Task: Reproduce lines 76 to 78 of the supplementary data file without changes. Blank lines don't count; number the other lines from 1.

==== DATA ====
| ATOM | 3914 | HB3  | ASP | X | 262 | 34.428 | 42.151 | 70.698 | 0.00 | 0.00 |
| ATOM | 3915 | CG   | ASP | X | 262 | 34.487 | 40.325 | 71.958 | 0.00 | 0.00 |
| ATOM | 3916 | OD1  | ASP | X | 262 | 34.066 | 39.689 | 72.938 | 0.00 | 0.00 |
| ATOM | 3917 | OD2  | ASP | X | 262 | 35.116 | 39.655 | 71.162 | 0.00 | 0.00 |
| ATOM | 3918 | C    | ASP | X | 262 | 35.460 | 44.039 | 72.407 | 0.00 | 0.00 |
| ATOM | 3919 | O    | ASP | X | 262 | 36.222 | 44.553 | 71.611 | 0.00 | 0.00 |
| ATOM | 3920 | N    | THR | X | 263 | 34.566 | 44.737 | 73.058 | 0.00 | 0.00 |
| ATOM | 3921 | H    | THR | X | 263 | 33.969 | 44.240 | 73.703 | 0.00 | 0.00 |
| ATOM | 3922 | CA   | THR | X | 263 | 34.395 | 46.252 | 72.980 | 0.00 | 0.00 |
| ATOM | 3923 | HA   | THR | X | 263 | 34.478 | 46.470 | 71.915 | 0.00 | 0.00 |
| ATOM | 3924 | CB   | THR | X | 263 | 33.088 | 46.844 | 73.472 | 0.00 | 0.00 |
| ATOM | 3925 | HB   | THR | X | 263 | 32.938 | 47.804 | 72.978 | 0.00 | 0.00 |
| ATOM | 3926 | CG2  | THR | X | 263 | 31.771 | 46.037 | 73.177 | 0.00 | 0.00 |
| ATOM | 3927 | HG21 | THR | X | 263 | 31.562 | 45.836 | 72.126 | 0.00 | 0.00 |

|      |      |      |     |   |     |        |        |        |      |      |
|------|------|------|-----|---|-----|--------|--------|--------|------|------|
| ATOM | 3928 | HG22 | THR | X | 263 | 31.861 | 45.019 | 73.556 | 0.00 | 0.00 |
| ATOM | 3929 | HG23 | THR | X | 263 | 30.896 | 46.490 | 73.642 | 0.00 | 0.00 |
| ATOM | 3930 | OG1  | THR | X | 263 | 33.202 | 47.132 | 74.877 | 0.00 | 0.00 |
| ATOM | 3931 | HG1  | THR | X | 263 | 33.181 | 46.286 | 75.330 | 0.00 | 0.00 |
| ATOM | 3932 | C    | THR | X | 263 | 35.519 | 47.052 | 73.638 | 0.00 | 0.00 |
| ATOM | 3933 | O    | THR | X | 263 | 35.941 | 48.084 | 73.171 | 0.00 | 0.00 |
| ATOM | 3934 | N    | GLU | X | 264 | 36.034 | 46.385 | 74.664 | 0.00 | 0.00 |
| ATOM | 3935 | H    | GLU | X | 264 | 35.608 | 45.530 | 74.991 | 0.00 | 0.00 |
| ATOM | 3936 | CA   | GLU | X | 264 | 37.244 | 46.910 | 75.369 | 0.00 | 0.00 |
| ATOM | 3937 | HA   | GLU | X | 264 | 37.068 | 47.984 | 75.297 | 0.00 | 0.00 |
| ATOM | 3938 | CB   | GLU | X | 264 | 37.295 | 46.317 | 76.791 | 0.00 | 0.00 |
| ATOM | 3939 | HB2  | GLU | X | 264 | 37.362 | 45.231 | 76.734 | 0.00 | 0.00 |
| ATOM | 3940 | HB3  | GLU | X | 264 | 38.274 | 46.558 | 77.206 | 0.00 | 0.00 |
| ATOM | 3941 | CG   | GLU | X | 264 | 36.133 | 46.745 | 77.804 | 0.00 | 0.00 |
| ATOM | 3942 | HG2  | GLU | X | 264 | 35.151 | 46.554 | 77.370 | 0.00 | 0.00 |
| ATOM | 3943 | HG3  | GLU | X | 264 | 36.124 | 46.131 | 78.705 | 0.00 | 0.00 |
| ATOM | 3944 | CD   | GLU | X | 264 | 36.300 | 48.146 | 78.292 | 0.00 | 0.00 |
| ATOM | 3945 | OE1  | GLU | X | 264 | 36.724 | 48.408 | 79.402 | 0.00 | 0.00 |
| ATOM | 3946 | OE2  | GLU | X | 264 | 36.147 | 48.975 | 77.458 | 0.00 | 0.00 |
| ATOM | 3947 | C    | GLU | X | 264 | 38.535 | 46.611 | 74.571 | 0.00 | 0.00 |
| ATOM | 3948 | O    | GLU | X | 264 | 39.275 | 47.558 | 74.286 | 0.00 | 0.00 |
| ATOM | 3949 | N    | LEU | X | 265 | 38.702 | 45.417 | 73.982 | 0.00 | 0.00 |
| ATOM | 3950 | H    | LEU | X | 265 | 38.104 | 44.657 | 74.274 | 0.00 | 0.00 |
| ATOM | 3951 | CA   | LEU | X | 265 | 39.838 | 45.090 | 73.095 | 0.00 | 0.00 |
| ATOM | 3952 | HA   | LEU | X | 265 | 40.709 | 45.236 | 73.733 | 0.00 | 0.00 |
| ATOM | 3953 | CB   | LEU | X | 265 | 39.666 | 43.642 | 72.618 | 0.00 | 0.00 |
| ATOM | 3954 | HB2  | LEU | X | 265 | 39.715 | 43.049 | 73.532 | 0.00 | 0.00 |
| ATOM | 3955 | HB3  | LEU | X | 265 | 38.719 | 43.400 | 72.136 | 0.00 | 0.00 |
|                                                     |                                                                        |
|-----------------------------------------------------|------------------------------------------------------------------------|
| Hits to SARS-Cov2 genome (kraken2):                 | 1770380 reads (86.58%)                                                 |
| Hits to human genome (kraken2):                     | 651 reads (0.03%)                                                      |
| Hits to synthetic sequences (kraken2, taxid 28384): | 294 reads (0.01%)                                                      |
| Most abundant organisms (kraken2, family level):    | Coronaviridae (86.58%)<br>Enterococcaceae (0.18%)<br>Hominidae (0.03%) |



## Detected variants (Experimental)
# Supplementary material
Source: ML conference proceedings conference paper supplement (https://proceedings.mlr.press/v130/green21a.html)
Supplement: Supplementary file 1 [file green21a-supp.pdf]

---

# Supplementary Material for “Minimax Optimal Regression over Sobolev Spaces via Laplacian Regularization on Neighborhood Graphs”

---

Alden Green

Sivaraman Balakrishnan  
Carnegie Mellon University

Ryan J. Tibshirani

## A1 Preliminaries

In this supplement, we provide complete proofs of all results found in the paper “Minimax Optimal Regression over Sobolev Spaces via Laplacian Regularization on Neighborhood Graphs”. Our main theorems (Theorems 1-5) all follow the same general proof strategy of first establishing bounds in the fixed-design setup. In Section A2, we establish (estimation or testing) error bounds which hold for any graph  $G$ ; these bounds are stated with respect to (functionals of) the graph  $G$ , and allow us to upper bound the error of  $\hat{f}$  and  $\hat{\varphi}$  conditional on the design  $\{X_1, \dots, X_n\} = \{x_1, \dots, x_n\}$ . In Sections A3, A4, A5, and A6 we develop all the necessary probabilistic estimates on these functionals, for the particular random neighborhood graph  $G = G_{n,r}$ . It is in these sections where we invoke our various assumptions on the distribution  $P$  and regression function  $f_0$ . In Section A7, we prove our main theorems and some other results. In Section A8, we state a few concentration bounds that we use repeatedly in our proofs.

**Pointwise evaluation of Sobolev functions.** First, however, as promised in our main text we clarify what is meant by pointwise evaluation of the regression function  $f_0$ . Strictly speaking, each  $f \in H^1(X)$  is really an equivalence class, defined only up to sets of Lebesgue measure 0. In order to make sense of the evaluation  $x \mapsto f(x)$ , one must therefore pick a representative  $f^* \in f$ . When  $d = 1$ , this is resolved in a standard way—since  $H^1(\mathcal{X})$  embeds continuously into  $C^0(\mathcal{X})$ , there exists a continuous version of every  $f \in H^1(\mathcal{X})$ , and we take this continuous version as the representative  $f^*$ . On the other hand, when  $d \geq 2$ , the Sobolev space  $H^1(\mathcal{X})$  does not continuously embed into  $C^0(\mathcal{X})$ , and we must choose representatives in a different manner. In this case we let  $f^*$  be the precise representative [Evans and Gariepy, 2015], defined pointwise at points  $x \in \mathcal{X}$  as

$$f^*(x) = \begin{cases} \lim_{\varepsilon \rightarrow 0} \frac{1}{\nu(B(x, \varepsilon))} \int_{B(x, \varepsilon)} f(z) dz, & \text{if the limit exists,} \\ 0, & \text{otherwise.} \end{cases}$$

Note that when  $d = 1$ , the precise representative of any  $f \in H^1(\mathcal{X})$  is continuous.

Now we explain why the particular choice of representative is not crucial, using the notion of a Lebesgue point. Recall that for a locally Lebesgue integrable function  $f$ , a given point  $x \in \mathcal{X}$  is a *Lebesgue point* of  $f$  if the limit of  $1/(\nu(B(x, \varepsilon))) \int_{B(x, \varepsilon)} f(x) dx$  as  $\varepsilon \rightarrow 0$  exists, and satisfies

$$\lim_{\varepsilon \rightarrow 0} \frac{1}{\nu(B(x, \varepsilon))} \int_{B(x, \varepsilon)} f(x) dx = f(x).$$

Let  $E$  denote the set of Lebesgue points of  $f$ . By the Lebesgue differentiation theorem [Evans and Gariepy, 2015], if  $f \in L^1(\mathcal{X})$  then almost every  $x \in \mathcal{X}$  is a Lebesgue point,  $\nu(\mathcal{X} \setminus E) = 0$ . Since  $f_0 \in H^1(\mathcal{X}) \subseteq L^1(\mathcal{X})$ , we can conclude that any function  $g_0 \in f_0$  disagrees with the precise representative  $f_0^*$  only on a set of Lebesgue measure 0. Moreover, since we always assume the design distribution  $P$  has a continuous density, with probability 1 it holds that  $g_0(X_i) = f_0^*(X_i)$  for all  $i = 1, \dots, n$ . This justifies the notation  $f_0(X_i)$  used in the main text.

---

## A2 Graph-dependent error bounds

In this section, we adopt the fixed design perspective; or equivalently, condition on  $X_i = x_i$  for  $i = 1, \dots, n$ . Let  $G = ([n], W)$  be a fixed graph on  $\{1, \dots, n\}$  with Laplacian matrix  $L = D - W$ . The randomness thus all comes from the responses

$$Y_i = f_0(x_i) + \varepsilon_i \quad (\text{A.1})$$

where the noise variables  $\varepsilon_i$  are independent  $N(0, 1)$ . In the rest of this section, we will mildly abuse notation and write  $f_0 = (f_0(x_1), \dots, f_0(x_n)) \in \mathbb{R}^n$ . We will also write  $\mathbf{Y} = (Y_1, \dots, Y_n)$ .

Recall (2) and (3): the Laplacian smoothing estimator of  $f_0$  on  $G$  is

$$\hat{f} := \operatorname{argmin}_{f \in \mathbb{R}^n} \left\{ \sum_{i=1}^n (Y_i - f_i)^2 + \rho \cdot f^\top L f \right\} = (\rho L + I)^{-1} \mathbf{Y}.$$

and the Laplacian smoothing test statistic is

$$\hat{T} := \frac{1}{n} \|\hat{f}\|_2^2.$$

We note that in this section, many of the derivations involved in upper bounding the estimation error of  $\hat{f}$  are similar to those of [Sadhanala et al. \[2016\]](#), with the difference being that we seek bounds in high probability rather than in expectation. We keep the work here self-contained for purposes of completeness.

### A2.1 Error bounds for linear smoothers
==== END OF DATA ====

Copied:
$$\hat{f} := \operatorname{argmin}_{f \in \mathbb{R}^n} \left\{ \sum_{i=1}^n (Y_i - f_i)^2 + \rho \cdot f^\top L f \right\} = (\rho L + I)^{-1} \mathbf{Y}.$$

and the Laplacian smoothing test statistic is

$$\hat{T} := \frac{1}{n} \|\hat{f}\|_2^2.$$